As I’ve written, while still living in Denver, I spent a year looking for work in Albuquerque. My efforts yielded two job interviews. The first occurred at a dealership for heavy equipment―massive dump trucks, bulldozers, scrapers, the kind of machinery that levels mountains and carves valleys. Had the dealership offered me a job in its data processing department, I would have gladly taken it. I then learned of the opening at the lumber company. I interviewed there. After some dithering, Carlos offered me the position.
That the job was in the “forest products” business made no difference to me. My job history included being a cog in a wheel that leveled trees, tore open the earth, and blew up beaver dams in order to expand commercial and residential development in Breckenridge, Colorado; that gutted a mountain and vomited lakes of lifeless mine tailings on Colorado’s Fremont Pass for the capture of molybdenum; and that punched holes in the floor of the Gulf of Mexico for the collection of crude oil.
“Forest products” was just another industry to me. I’d never seen a “clear cut”: the felling of every single tree on a vast acreage for lumber, and effectively replacing that acreage not with a forest, but with a biologically-impoverished tree farm. I thought the forests of the arid southern Rockies were as luxuriant as their cousins in the Pacific Northwest. And I’d never heard of “old-growth forests”: forests that, according to the Audubon Society publication Western Forests, “have developed over long periods without catastrophic disturbance of either natural or human origin,” with an “untouched, primeval quality”; forests that are “more complex . . . and more beautiful than many young forests.” My goal as I commenced working in New Mexico was financial security and advancement in the data processing field.
Meanwhile, however, my innate curiosity―energized, certainly, by my new love and new life in New Mexico―continued to broaden my view of the world. As a result, I was, among other things, developing what in retrospect I can only describe as an environmental conscience; or, in conservationist Aldo Leopold’s words, a “land ethic.” Triggering this moral reckoning were the almost sacred joy I experienced in my hikes and backpacks into the pristine forests and deserts of the Southwest; my broader consideration of the writings of Edward Abbey, beyond his romantic wilderness escapades and into his dry but compelling polemics about America’s destructive lust for natural resources and “growth” simply “for the sake of growth”; and a greater awareness of regional and national environmental issues and activism being addressed on television and in Albuquerque’s daily newspapers. Such a conscience was making me increasingly uneasy at the lumber company.
For years while living in Denver, I noticed a little sign in the second-floor window of what I assumed was an office of some kind overlooking Colfax Avenue in the city’s Capitol Hill district. The sign read “Sierra Club.” I was intrigued by that name, although I had no idea to what it referred. Yet I recalled that sign when, now a regular backpacker in the Southwest, I purchased at an Albuquerque bookstore Words for the Wild: The Sierra Club Trailside Reader. Pocket-sized, the book fit easily into my backpack and kept me occupied in my tent during those hours in the mountains and deserts after sundown or during a rare rainfall. Published in 1987, the book is an anthology of “nature writing.” It includes an essay on the Colorado Plateau by Abbey, reacquainted me with the words of Thoreau and Emerson I’d first read at Hobart, and introduced me to such authors as John Muir, Leopold, Ann Ronald, Mary Austin, John Graves, Wallace Stegner, Annie Dillard, and Colin Fletcher. Its copyright page informed me that the “Sierra Club . . . has devoted itself to the study and protection of the earth’s scenic and ecological resources―mountains, wetlands, woodlands, wild shores and rivers, deserts and plains”―all of which sounded interesting and worthwhile to me. Not long after, I checked the phone book and discovered that there was a chapter of this “Sierra Club” in Albuquerque. After attending one meeting at the chapter’s office in a modest storefront, I joined the organization.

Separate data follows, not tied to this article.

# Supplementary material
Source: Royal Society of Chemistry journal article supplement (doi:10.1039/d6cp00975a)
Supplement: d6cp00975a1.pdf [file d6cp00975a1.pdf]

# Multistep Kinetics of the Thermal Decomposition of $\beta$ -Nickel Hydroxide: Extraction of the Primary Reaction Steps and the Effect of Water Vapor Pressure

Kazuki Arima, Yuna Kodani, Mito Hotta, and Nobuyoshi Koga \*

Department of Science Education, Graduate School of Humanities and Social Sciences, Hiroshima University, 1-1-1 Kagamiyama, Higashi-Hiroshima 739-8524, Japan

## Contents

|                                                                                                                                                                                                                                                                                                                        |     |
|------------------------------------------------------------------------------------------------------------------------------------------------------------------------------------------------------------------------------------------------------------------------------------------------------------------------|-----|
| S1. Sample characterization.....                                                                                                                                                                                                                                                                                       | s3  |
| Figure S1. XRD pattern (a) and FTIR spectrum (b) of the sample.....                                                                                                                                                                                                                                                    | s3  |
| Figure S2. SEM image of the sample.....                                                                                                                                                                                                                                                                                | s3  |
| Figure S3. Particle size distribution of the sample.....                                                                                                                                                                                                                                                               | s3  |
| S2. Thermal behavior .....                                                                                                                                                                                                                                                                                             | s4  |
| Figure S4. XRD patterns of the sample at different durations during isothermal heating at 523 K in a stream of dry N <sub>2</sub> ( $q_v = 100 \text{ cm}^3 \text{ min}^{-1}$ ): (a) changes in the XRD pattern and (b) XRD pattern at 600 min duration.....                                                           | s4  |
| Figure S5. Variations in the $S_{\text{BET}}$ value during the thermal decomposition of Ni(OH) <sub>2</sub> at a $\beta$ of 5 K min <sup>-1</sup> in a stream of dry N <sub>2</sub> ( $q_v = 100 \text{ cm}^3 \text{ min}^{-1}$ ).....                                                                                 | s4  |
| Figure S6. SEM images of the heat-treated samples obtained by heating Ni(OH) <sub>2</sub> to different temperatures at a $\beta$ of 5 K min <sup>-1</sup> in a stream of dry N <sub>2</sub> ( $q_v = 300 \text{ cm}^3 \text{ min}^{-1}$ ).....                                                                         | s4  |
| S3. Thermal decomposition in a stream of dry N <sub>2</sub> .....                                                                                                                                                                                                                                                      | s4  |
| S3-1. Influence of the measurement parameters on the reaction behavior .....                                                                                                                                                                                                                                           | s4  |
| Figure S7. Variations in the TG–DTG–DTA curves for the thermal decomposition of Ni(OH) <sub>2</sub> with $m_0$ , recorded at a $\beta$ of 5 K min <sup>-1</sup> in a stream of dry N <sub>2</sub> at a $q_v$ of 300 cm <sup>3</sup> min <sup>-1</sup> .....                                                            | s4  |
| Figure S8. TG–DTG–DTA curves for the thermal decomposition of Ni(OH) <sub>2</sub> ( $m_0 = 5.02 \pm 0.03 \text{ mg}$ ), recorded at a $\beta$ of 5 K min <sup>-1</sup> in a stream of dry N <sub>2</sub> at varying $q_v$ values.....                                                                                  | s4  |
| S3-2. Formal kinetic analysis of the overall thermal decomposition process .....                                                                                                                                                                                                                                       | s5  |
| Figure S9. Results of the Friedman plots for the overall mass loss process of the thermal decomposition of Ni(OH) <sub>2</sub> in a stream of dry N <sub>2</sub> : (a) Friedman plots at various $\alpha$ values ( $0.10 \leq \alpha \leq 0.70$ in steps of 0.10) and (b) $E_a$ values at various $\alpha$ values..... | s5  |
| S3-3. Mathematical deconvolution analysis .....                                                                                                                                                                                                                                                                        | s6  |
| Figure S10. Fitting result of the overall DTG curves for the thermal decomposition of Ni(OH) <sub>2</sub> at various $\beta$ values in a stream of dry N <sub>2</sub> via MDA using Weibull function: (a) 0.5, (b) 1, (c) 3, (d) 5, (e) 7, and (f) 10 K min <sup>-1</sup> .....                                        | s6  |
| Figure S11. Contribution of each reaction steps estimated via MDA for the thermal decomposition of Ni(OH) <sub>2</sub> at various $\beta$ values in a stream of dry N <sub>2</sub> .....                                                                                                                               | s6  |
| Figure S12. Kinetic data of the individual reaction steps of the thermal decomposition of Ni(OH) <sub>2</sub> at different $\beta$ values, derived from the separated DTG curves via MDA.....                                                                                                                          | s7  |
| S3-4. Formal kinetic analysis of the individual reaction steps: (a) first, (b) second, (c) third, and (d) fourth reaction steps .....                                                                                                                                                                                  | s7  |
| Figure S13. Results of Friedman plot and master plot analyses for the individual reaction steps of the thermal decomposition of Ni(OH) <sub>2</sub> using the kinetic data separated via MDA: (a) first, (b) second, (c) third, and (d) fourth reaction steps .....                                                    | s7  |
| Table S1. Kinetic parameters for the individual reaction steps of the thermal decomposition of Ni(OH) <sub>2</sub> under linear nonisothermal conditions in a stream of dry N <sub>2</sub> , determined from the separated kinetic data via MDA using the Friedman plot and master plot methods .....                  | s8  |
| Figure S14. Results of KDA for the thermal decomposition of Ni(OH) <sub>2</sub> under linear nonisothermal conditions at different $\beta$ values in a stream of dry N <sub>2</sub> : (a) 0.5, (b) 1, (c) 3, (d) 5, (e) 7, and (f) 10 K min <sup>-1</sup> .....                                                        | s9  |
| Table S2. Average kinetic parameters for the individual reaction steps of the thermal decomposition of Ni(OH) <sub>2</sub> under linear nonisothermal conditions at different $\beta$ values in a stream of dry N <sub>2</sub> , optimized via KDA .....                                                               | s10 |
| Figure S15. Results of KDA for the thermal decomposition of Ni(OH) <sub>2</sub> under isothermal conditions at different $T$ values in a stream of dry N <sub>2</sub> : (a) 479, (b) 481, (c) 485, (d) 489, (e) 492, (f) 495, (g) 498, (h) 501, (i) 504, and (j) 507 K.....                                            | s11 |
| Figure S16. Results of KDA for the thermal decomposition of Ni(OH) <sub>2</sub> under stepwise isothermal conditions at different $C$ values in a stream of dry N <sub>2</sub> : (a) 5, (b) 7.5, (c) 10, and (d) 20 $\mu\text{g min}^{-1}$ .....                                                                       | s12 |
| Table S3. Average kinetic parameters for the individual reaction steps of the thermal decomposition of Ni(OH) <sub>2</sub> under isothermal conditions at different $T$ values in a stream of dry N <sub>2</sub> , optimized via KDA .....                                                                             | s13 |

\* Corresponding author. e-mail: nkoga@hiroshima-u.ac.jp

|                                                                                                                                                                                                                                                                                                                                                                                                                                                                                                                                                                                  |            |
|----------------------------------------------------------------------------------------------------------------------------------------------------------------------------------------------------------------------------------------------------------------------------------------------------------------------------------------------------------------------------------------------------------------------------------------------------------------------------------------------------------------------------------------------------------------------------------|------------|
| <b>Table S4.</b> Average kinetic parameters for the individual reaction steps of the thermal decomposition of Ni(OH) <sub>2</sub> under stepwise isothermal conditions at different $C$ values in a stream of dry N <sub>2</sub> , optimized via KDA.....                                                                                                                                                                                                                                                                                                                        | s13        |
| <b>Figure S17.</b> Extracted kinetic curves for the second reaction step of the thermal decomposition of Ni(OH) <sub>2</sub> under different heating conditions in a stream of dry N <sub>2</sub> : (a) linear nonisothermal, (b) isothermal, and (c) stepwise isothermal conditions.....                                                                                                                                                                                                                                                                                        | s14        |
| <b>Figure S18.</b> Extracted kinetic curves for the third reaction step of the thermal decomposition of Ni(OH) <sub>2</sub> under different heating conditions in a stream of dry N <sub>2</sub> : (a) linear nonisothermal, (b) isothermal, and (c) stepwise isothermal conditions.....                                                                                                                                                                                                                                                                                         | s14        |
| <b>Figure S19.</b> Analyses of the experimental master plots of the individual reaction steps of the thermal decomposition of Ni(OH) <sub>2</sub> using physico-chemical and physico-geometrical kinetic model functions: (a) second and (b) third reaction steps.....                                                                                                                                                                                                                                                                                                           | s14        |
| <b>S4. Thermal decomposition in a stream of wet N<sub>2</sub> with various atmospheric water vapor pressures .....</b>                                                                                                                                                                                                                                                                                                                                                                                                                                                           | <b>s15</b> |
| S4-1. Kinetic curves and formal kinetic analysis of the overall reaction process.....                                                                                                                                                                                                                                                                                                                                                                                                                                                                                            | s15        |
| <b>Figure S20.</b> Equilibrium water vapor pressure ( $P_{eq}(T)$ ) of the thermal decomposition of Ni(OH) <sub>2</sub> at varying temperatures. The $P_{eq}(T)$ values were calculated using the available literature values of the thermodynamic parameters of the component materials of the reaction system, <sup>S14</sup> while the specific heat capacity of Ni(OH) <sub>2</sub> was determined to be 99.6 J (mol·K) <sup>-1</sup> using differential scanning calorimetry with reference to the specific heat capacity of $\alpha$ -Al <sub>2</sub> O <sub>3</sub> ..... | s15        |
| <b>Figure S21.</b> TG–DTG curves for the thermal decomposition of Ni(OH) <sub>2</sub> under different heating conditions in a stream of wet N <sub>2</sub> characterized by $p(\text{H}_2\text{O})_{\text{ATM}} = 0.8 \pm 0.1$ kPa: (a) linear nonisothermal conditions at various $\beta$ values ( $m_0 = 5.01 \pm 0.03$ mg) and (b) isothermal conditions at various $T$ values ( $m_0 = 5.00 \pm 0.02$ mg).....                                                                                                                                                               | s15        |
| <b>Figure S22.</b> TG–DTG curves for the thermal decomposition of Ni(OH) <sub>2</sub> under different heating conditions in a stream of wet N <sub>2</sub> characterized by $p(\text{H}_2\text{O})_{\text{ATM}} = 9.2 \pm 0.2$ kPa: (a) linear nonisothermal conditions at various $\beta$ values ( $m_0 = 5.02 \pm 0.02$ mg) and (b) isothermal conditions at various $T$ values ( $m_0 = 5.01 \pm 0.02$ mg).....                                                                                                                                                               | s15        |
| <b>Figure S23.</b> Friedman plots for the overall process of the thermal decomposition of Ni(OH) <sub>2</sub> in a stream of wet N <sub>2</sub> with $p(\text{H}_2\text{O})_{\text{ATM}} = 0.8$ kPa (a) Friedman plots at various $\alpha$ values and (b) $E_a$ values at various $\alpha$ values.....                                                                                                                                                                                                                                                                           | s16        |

At the time I joined, the dominant topic of conversation at the club’s meetings was the effort by a group of Albuquerque conservationists and land managers to transition Petroglyph State Park, at the western edge of the city, to a federally-managed “national monument.” Linda and I had visited the state park a number of times after re-uniting in New Mexico, and we were both in favor of advocating for the loftier designation for the place and the additional protections that went with it.
The chapter also discussed cattle grazing on New Mexico’s public lands; that is, lands managed by the United States Forest Service and the Bureau of Land Management. This coincided with my broader reading of Abbey. He was fiercely opposed to grazing on public lands at all elevations; grasslands denuded and riparian areas―watercourses that attract thirsty cattle―trampled and fouled with urine and manure were two of his reasons why. Such opposition was beginning to take shape in me as well. “CATTLE-FREE IN ‘93” read bumper stickers around Albuquerque. (Such “freedom,” however, never came even close to happening.)